And it’s returned, because we again have these headlines:
Except the backing of the “cabinet” means the backing of those who didn’t resign because they wouldn’t back the agreement. Including the Northern Ireland Secretary (!) and the Brexit Secretary (!!) who was tasked with negotiating the thing. So, except for all the members most relevant to the deal (oh, yes, the Foreign Secretary already resigned over Brexit a few months ago), Theresa May has managed to get her handpicked cabinet to accept the negotiated agreement. All that remains is the other half of the task, which is to get it through Parliament, which only requires that she corral votes from her coalition partner, who see the backstop on Northern Ireland as a fundamental betrayal, and sufficient members of the opposition parties, because why wouldn’t they sign up to take responsibility for an agreement that everyone will blame for everything that goes wrong, even if nothing goes wrong, rather than forcing new elections?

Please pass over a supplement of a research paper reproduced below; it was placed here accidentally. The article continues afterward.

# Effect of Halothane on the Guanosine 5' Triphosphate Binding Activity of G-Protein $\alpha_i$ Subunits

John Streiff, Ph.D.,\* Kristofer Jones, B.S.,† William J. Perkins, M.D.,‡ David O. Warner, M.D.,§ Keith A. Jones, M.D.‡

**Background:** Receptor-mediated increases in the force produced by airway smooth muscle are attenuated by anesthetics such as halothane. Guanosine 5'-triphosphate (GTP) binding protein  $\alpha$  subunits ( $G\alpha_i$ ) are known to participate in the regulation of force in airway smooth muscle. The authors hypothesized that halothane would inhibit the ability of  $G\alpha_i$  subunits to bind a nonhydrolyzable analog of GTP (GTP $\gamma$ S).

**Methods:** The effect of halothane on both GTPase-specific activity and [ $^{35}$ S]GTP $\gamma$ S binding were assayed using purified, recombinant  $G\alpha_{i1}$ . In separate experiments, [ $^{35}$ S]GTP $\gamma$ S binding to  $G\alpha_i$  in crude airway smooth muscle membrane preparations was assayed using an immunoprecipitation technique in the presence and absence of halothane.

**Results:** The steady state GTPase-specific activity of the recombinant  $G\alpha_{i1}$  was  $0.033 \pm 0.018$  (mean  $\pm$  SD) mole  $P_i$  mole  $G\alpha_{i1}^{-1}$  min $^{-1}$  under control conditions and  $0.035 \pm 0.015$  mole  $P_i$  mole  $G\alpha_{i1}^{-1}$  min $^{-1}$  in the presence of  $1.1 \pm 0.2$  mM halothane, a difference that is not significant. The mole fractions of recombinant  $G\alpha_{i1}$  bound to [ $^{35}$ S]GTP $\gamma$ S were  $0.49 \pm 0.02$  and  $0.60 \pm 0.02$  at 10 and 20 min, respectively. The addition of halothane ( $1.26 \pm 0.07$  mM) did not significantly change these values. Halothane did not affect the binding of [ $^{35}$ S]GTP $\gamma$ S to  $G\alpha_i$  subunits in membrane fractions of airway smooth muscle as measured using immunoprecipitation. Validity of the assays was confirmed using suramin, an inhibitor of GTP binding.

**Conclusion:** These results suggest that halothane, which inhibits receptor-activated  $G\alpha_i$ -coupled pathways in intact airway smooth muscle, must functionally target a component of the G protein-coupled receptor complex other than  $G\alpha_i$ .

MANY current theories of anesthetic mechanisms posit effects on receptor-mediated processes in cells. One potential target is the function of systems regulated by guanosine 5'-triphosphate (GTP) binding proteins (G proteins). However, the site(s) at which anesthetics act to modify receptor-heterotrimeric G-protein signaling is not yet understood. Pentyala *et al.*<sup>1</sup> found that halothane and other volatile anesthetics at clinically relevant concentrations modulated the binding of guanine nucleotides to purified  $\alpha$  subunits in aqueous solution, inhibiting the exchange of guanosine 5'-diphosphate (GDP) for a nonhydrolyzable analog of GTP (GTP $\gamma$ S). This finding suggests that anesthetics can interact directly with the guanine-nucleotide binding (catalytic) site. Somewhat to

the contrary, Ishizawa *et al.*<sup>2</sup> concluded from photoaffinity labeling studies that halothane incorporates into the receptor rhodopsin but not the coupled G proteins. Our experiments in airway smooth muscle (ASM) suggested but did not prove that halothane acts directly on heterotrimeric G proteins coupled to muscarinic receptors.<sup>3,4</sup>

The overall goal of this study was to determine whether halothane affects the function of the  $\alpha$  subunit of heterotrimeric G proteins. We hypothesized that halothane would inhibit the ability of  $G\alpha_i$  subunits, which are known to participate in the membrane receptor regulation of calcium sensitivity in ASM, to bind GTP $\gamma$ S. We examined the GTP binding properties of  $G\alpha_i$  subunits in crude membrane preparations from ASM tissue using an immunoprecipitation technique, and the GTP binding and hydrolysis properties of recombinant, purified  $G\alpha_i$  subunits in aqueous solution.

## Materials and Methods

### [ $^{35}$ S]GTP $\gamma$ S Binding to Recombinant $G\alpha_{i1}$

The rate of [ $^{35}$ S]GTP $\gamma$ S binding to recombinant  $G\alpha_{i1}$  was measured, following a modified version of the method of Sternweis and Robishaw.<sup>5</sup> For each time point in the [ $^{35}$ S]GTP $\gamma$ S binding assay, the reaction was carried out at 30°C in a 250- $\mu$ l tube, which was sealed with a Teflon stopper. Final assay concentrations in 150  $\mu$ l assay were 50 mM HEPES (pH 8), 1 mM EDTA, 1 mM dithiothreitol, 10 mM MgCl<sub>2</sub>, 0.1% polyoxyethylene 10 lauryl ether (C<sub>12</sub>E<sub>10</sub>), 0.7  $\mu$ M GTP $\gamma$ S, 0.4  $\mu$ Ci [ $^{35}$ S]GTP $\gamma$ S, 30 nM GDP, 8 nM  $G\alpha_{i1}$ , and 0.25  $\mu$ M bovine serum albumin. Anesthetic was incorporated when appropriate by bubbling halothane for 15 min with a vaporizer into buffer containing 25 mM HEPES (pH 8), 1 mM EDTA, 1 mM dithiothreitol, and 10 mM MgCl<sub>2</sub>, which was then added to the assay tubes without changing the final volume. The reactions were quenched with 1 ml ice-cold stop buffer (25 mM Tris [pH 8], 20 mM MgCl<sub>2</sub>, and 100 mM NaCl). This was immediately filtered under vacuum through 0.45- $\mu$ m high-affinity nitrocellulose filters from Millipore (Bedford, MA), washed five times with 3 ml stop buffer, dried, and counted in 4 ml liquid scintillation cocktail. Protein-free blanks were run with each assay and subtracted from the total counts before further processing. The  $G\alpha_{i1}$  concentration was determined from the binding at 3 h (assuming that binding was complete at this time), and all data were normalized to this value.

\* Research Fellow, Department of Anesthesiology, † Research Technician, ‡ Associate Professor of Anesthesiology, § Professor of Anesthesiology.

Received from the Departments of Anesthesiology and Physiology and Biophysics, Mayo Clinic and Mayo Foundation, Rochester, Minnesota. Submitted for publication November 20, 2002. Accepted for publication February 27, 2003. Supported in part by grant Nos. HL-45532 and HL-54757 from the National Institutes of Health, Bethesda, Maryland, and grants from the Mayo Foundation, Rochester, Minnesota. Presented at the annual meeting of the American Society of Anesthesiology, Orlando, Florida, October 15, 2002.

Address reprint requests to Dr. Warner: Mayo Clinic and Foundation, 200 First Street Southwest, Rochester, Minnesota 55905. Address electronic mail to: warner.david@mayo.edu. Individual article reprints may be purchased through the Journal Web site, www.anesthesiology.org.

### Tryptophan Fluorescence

I decided it was about time to reread The Origins of Totalitarianism. I was pleased to come across her description of the role of referenda, which I have often thought of in the context of recent UK history, but whose origin I had forgotten:
The mob is primarily a group in which the residue of all classes are represented. This makes it so easy to mistake the mob for the people, which also comprises all strata of society… Plebiscites, therefore, with which modern mob leaders have obtained such excellent results, are an old concept of politicians who rely upon the mob.
I was also pleased to see this comment about Jules Guérin, the founder of the French Ligue Antisémite: